Wednesday, September 18, 2013
Has the Moment in the Sun Finally Arrived for Section 2 of the Fourteenth Amendment?
I blogged not long ago about my argument that the Fifteenth Amendment impliedly repealed Section 2 of the Fourteenth Amendment. Section 2 imposes a penalty of reduced representation for states denying the right to vote, at least potentially implying that states have the right to do it. Meanwhile, the Fifteenth Amendment prohibits states from denying the right to vote on the basis of race. It seems to me that Section 2 and the Fifteenth Amendment are basically inconsistent. Since Section 2 has never been applied in spite of decades of race-based disenfranchisement, some explanation for its somnescence is called for.
Franita Tolson responded in a comment that "[u]nlike the Fifteenth Amendment, section 2 is not limited to abridgments of the right to vote based on race, which is a powerful source of authority to address facially neutral abridgments of the right to vote." Similarly, in their fascinating Yale Law Journal article Voting and Vice: Criminal Disenfranchisement and the Reconstruction Amendments, Richard Re and Christopher Re likewise argue that Section 2 is not limited to race. My argument fails if Section 2 applies in any case where the Fifteenth Amendment does not, so if they are right, I am not. These scholars do have the plain language of the text in their favor:
The relevant language states:
But when the right to vote at any election for the choice of electors for President and Vice President of the United States, Representatives in Congress, the executive and judicial officers of a state, or the members of the legislature thereof, is denied to any of the male inhabitants of such state, being twenty-one years of age, and citizens of the United States, or in any way abridged, except for participation in rebellion, or other crime, the basis of representation therein shall be reduced in the proportion which the number of such male citizens shall bear to the whole number of male citizens twenty-one years of age in such state.
True, Section 2 nowhere mentions race. True, considered in isolation from the circumstances of its enactment, Section 2 seems to contemplate universal adult male suffrage, it seems to have decided (by prohibiting) almost all of the voting issues Americans have fought about since: poll taxes, literacy tests, registration requirements, voter ID, long lines at polls, etc. If the right to vote is "in any way abridged" for any reason other than those expressly listed, the state loses House seats and electors.
In my paper, I concluded that the fact that the Constitution was often euphemistic about slavery--including in the very apportionment provision which Section 2 replaced, which referred to 3/5ths of "all other persons"--left room for Section 2 to be understood as applicable only to African Americans. It also struck me that amendments often repealed the text they replaced by implication, rather than expressly, again, including in the very apportionment provision which Section 2 replaced.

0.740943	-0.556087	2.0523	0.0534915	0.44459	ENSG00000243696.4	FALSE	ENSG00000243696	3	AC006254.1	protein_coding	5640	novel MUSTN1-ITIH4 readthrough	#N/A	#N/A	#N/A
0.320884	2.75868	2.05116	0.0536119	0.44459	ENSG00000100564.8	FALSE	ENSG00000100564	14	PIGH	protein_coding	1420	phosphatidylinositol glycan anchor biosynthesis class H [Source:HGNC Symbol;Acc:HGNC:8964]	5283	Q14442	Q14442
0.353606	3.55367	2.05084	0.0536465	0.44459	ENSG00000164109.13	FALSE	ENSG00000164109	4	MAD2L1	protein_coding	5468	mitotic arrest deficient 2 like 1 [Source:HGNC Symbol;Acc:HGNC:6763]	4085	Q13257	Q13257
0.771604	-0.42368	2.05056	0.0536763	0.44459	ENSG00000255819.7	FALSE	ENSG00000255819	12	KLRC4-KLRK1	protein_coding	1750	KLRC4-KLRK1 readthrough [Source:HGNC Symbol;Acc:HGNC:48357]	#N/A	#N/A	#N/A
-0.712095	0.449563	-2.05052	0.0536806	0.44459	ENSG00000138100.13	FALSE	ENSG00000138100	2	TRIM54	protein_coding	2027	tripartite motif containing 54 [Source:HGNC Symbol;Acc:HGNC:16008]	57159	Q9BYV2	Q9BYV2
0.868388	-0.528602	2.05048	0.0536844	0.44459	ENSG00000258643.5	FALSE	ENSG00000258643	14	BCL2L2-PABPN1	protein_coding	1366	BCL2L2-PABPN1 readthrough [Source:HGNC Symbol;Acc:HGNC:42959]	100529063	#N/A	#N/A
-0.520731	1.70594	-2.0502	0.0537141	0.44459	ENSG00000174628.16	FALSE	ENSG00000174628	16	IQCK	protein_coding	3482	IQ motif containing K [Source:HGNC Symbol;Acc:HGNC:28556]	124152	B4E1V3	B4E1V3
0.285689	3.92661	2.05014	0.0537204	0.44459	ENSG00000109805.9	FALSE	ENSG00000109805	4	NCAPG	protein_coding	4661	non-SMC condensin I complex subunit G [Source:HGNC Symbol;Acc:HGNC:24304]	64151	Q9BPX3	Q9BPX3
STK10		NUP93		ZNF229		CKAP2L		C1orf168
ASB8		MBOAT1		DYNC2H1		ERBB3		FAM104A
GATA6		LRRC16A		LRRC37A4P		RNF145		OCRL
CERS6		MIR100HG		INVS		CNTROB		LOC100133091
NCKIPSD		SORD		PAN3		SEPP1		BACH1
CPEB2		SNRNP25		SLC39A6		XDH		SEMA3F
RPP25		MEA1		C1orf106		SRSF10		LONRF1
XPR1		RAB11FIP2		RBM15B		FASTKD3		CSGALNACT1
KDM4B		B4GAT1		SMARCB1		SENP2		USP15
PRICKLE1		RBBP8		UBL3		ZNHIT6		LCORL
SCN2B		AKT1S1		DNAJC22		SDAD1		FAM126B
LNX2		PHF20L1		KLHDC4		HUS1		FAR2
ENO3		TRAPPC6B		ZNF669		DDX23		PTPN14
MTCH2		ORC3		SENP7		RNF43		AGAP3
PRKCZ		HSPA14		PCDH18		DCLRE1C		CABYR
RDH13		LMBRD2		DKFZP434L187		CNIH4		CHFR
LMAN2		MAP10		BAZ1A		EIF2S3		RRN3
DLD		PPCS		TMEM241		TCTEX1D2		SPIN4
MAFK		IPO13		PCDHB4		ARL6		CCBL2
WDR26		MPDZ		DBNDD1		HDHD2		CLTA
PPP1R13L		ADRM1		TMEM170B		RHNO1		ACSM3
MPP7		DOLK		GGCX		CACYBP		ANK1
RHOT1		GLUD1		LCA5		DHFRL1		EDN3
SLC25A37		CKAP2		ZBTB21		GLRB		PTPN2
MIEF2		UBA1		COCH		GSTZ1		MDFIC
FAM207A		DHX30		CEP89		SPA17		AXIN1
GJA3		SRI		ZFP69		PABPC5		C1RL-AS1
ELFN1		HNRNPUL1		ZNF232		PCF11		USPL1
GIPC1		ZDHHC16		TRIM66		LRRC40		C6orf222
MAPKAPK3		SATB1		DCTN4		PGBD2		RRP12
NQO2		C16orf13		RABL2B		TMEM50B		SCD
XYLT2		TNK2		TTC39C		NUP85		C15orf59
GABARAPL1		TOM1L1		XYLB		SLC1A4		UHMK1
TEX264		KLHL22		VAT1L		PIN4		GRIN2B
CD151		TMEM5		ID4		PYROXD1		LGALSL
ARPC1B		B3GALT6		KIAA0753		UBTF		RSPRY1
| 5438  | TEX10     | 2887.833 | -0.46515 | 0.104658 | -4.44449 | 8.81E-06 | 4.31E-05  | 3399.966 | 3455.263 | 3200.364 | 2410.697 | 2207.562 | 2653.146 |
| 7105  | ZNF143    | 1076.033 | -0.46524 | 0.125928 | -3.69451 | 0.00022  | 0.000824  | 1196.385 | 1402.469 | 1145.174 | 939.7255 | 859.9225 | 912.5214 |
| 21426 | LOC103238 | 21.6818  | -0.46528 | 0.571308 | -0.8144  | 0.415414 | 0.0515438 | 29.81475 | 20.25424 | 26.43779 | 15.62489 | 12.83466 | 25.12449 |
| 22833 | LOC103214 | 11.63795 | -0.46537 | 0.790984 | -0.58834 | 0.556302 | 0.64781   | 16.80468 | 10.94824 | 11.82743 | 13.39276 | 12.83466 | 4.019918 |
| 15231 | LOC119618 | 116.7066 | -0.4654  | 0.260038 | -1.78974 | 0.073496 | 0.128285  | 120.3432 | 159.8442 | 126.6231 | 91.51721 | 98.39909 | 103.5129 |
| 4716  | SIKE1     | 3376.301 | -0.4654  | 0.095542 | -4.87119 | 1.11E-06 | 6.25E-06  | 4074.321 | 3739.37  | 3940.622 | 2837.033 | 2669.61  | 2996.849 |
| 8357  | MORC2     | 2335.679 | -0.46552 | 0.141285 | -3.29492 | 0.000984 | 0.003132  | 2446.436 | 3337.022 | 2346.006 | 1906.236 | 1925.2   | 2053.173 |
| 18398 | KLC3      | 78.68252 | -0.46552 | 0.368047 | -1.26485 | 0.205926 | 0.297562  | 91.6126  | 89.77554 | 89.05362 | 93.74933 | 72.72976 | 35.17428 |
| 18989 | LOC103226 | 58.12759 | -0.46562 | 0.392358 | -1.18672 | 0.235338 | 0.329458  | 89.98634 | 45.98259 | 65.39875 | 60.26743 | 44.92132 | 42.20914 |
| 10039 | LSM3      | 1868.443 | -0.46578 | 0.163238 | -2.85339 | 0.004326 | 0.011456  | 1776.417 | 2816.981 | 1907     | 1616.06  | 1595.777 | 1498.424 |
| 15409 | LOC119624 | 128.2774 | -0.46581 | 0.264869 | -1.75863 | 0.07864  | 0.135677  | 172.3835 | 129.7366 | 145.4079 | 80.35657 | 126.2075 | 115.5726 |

Section 2 seemed to be a Solomonic threat, meant to induce action rather than to be carried out. It would work well if a state prohibited categories of people from voting by statute. But, if discriminatory governments, none of which were accused of lacking creativity in their efforts to disenfranchise African Americans before or after passage of the Fourteenth Amendment, used tricks and as-applied discrimination, of the non-voting African American males, it would be very hard to figure out how many were denied the right to vote, and how many simply failed to vote. This problem would be much compounded if Section 2 applied to things like denial of the right to vote for failure to pay poll taxes or to have ID. When it was clear that Section 2 did not induce compliance, Congress and the states immediately moved to Plan B, the Fifteenth Amendment.
But I admit the possibility that I am wrong, and that the Constitution since 1868 has provided for punishment of states refusing to implement universal adult (male?) suffrage. The Supreme Court has held that apportionment claims under Section 2 are justiciable, so there is apparently nothing standing in the way of a test case. Given that serious scholars claim that Section 2 is a valid and existing part of the Constitution, I hope the ACLU, NAACP LDF and other groups interested in protecting voting rights will litigate it.
Posted by Jack Chin on September 18, 2013 at 05:25 AM | Permalink
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Thanks for your post Jack, very interesting. I agree that implementation of the penalty could be tricky (which is probably why it has lain dormant for so long). In my draft article, "The Constitutional Structure of Voting Rights Enforcement," I deal with this issue by suggesting that section 2 could have implications for congressional enforcement authority beyond the penalty of reduced representation because of language in section 5 that gives Congress the authority to enforce all of the provisions of the Fourteenth Amendment through appropriate legislation (including section 2). Congress arguably could impose penalties other than reduced representation under section 2 to address racially neutral abridgments of the right to vote. The draft is available here: http://papers.ssrn.com/sol3/papers.cfm?abstract_id=2303155.
Posted by: Franita Tolson | Sep 18, 2013 8:38:22 AM